Presentation on theme: "Week 5: What is Critical Discourse Analysis"— Presentation transcript:
1 Week 5: What is Critical Discourse Analysis EDUC2029
2 Quick review Identify: Process, Participant, Circumstance We own every little bush, every little tree.On 10 July four men approached the British in a small canoe fitted with outriggers.
3 Answers We own every little bush, every little tree. Participant Process: doingOn 10 Julyfour menapproachedthe Britishin a small canoe fitted with outriggersCirc: whenParticipantProcess: doingCircumstance: how (?)
4 A quick reviewCritical Discourse AnalysisDiscourse
5 What is Critical Discourse Analysis (CDA)? MacLure (2003)Allan Luke (1995): ‘one of the main tasks of discourse analysis is to ‘disarticulate’ the texts of everyday life as a way of ‘disrupting common sense’ about the naturalness or inevitability of identities, values and concepts, thus showing the workings of power and material interests in the most seemingly innocent of texts.’ (p9)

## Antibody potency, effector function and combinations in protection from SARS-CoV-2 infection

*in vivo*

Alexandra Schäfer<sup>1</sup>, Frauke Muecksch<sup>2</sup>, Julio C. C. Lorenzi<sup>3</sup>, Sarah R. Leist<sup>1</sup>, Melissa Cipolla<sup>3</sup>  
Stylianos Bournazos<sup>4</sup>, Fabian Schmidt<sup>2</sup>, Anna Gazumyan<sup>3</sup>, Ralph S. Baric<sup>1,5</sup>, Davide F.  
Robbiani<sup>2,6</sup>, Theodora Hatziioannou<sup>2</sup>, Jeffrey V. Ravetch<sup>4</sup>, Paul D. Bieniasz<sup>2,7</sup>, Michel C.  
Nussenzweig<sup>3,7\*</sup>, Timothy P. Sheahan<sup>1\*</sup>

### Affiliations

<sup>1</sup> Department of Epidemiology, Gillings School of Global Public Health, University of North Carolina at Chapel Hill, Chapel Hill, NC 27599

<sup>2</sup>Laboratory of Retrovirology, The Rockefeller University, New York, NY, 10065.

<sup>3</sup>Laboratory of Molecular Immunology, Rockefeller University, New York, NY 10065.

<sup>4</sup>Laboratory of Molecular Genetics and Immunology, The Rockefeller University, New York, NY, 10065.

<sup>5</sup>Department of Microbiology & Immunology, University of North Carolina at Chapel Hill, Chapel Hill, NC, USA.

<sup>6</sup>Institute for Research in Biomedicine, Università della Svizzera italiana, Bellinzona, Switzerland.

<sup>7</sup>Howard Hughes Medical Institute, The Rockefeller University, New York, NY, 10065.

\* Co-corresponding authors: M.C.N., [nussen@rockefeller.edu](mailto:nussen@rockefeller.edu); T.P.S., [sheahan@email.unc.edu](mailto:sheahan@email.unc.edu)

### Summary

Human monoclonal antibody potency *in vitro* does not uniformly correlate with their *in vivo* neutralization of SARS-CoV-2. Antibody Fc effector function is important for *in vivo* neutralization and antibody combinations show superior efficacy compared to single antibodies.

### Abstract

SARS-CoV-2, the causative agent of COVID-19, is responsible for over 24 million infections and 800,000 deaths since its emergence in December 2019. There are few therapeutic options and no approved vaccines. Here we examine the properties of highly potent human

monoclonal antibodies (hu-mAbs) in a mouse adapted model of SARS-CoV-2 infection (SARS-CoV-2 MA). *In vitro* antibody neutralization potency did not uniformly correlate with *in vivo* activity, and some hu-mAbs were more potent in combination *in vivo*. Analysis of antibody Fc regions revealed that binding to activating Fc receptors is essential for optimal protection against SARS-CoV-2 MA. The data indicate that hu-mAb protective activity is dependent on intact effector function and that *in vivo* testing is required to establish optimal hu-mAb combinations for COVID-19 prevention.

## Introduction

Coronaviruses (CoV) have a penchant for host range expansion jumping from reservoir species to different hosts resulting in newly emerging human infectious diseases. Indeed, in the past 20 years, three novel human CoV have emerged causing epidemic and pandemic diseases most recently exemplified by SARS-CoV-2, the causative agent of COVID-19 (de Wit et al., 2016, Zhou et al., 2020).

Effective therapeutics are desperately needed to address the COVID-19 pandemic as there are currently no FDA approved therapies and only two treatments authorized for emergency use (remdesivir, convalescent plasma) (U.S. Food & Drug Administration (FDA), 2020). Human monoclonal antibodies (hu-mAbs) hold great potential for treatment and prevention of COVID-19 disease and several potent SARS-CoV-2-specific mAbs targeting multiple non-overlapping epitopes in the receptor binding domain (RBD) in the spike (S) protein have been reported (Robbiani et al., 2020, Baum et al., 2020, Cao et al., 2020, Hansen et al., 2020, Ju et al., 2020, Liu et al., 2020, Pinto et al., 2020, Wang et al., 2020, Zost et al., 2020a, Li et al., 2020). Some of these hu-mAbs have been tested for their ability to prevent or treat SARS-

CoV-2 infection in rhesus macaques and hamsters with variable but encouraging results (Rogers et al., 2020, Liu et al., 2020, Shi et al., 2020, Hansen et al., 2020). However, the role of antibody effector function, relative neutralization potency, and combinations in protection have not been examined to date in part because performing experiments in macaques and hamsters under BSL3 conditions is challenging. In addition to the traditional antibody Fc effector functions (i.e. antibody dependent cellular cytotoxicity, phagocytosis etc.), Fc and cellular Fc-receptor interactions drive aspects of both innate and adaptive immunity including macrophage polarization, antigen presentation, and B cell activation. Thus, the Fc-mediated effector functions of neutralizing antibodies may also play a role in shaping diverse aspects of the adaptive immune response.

6 What is Critical Discourse Analysis (CDA)? MacLure (2003)‘A discourse-based educational research would set itself the work of taking that which offers itself as common-sensical, obvious, natural, given or unquestionable, and trying to unravel it a bit – to open it up to further questioning.’ (p9)
7 Gee’s notion of Discourse In simple terms: An identity kit which comes complete with the appropriate costume and instructions on how to act, talk, and often write, so as to take on a particular role that others will recognise.
8 Gee’s notion of Discourse Gee continued: ‘Club membership’ – there are ways of displaying (through words, actions, values and beliefs) membership in a particular social group or social network (people who associate with each other around a common set of interests, goals and activities) Sanctions exist of you ‘break’ the rules.
9 Janks (1997)‘Ideology* is at its most powerful when it is invisible, when discourses have been naturalised and become part of our everyday commonsense.’ (p341) *shared values, beliefs, assumptions and theories